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Explosions Design

feature author: Paul Halliday

 

The Explosions design has a couple of models that donít seem to fit anywhere else: Crash and Explosive Decompression. The worksheet is presented in Figure 35. These models are fun to activate, especially when you can catch people off guard. You just have to be careful not to give anybody a heart attack.

The Crash model is really simple. It uses three players to play on front, rear, and sub-woofer speakers. There is a single input coming from the host: a crash indication usually generated by a flight model. When this model is activated, it really gets everybodyís attention.

The Explosive Decompression model is a little more complicated. A malfunction trigger at the host called Explosive Decompression activates the model. This input is tied to the enable pins of two players, one for the rear speakers, and one for the sub-woofer. The frequency and balance pins are hard-coded constants.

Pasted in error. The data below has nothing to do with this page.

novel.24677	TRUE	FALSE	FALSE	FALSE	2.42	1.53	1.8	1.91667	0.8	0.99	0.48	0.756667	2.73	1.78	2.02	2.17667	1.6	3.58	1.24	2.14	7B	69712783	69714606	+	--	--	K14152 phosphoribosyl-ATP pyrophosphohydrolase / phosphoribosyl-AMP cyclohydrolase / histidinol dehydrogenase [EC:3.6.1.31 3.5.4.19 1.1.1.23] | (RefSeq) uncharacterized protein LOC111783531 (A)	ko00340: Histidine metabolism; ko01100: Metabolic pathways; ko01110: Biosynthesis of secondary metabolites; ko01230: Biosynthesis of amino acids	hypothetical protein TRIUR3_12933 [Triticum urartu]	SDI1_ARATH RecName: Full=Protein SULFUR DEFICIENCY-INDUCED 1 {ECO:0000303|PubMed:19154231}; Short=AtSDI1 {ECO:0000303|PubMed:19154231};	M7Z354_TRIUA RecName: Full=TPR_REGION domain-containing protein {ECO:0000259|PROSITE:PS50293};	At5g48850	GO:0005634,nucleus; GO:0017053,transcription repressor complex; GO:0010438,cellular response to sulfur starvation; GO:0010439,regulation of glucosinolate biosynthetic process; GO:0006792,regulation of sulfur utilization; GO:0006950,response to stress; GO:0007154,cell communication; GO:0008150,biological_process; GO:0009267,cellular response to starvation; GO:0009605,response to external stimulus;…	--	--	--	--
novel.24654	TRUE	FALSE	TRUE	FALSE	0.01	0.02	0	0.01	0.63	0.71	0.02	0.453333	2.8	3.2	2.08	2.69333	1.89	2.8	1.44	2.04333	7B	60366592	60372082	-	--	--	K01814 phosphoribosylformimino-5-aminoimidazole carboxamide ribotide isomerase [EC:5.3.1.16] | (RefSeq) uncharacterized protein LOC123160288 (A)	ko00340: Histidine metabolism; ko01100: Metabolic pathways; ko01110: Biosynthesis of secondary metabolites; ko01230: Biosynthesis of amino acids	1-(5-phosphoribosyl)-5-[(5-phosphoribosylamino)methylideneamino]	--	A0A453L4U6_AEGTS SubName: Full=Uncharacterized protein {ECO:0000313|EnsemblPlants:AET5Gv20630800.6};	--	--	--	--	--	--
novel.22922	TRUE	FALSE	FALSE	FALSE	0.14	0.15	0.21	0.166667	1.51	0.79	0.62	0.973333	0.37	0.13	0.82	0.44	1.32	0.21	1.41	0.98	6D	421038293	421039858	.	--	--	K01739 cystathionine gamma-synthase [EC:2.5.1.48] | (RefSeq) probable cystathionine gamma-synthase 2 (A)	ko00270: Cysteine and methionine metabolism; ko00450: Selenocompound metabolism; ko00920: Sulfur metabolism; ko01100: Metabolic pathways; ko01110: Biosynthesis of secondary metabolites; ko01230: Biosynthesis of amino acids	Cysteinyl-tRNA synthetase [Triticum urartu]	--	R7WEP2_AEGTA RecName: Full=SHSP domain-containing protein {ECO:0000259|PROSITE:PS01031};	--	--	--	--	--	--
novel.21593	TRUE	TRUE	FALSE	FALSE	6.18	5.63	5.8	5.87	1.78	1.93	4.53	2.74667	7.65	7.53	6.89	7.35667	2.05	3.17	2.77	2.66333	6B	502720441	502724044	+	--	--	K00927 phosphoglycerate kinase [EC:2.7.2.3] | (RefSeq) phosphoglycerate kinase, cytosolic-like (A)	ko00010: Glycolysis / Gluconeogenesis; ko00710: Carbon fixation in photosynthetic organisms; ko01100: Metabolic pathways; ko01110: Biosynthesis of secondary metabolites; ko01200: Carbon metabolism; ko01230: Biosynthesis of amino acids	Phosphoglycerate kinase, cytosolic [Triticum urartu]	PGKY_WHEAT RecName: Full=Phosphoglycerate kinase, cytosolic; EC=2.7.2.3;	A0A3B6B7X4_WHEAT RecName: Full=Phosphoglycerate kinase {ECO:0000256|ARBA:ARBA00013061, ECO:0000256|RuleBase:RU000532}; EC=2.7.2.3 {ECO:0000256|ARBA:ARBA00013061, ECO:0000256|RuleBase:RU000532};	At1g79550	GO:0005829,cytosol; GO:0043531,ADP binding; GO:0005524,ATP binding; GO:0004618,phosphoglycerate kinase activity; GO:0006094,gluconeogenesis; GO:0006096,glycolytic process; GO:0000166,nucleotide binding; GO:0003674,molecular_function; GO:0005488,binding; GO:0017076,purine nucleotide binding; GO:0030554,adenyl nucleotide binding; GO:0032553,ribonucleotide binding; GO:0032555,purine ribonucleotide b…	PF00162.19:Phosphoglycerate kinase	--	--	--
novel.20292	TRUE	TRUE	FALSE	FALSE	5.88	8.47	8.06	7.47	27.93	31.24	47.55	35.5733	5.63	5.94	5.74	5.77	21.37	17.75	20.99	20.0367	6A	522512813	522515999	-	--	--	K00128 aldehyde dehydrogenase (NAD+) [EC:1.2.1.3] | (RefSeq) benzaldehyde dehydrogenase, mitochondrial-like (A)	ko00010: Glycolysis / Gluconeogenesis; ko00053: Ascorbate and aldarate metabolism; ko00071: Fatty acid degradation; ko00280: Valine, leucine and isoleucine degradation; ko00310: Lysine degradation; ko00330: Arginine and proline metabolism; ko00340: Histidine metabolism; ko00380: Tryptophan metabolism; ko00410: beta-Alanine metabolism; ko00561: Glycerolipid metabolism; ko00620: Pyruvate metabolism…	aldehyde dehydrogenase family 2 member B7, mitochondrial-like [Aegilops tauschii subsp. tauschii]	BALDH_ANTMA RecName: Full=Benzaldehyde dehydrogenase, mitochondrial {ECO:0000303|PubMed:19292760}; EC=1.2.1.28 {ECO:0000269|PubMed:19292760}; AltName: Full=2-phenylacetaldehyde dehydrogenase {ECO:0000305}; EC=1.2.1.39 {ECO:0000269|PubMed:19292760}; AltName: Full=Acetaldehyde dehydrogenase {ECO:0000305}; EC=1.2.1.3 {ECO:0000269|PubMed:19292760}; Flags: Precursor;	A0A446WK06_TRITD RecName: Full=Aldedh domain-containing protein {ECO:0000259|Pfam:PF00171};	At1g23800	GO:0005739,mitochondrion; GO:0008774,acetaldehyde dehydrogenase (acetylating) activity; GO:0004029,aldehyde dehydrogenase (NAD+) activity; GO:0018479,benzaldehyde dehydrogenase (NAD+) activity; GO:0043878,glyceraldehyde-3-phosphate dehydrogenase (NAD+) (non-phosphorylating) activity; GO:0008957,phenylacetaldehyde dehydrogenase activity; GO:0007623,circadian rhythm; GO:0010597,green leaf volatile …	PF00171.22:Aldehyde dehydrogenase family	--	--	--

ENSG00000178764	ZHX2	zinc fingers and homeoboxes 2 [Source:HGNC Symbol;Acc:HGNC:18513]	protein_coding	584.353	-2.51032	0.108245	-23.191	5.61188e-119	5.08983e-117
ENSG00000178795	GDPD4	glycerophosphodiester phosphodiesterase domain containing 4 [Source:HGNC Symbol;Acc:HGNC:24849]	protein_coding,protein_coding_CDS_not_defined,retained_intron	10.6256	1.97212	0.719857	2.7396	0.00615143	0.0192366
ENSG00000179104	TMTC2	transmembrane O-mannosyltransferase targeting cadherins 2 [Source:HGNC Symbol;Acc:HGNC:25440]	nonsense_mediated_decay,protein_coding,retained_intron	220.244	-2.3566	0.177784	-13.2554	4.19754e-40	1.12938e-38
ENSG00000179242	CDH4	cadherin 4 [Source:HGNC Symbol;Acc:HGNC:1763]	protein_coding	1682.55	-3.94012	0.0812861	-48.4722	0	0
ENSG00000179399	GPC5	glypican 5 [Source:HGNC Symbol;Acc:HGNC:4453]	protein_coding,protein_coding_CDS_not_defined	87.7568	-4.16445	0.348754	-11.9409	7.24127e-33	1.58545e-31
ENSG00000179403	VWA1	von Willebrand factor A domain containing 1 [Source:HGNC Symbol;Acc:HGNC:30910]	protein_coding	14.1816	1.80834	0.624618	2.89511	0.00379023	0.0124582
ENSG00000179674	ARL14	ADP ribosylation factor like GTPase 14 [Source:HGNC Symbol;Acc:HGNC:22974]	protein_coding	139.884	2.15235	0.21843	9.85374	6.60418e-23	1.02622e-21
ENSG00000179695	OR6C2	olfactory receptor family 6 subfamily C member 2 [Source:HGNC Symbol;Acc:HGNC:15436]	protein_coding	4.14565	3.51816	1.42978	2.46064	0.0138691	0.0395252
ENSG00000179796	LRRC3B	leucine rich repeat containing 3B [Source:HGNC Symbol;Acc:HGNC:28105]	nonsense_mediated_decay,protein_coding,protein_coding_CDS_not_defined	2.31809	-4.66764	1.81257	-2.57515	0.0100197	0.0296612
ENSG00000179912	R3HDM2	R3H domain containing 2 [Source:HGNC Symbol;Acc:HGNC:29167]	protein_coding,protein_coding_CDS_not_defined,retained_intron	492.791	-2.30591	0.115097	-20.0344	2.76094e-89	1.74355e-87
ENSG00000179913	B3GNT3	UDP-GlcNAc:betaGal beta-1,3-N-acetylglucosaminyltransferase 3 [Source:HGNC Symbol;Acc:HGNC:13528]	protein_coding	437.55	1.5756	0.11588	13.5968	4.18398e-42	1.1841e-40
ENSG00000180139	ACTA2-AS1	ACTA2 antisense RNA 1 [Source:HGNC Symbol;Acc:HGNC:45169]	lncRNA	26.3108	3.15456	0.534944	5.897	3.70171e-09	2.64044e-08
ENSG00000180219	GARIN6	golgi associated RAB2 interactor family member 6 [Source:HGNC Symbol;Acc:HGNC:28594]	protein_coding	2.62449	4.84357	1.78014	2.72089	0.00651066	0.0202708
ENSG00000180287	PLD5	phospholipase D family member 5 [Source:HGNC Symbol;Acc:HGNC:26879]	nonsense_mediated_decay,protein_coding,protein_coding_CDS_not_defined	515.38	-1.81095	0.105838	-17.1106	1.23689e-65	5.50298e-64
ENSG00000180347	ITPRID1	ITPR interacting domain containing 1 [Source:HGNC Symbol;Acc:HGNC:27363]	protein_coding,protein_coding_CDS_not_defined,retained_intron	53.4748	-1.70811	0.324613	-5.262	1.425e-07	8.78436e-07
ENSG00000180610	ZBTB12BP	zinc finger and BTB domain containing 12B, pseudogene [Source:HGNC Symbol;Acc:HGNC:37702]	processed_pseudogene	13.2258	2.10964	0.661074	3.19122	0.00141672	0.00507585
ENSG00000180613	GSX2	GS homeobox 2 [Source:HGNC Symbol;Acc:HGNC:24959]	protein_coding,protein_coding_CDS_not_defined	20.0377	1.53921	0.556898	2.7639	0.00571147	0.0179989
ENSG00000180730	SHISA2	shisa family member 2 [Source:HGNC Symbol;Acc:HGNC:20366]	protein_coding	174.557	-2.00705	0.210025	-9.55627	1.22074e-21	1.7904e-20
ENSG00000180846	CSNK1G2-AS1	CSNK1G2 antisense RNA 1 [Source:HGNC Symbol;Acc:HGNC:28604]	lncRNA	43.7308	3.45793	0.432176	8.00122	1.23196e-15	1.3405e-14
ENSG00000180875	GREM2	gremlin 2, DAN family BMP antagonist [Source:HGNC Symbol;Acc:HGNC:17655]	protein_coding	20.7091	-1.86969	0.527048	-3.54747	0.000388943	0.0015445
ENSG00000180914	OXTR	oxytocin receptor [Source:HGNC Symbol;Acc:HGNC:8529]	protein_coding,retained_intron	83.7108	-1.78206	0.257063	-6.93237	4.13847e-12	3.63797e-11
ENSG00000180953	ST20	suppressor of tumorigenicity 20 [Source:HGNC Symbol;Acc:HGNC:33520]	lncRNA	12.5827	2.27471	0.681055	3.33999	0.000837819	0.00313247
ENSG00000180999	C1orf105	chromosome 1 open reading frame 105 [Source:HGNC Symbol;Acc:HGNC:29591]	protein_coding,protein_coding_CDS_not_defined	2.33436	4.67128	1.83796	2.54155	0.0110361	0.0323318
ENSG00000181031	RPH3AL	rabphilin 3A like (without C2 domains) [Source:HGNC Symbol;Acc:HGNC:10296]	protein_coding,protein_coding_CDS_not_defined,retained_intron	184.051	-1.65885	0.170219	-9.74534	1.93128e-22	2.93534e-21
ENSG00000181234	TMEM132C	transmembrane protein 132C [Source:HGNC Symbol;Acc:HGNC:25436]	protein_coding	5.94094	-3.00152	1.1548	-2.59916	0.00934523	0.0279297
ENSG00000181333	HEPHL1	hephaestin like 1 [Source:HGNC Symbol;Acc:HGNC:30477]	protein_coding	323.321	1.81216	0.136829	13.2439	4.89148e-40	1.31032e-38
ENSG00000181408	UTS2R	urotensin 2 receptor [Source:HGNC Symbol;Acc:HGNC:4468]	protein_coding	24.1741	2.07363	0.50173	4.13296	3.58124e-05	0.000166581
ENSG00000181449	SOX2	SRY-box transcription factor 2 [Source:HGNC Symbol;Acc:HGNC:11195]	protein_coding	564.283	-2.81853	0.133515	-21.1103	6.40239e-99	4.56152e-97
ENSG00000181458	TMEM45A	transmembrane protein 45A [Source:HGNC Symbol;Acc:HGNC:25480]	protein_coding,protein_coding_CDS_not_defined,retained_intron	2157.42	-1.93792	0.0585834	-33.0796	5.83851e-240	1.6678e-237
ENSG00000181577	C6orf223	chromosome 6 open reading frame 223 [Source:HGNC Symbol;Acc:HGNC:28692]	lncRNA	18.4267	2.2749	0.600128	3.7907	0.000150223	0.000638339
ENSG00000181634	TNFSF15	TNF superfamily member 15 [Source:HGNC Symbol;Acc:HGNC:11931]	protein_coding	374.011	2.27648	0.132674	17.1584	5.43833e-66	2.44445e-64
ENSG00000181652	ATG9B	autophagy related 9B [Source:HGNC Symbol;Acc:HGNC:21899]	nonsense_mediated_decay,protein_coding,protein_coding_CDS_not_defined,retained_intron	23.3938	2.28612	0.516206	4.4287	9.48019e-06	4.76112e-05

The volume for the players is a function of an input called Differential Pressure. This input goes through the LFI shown in Figure 34. The higher the differential pressure, the louder the explosion.

Figure 34.  LFI for Differential Pressure on
 Explosive Decompression Volume

Figure 35.  Explosions Design

Beech 1900D Aircraft

Overview

- concept

- space analysis

- speakers & amps

Data Collection

Sound File Editing

Computer Interface

Computer Configuration

Aero & Environmental V+ designs

- top level

- engine

- flaps & fuselage

- gear

- tires & runway

- tire blow

- weather

- windshield

- explosions

- audible warnings

- NAV/DME

- ADF

- marker beacon

Communications V+ Designs

- IOS

- pilot

- copilot

- ATIS

Speaker & Amp Specifications

Host Buffer Interface Table

Terms

 
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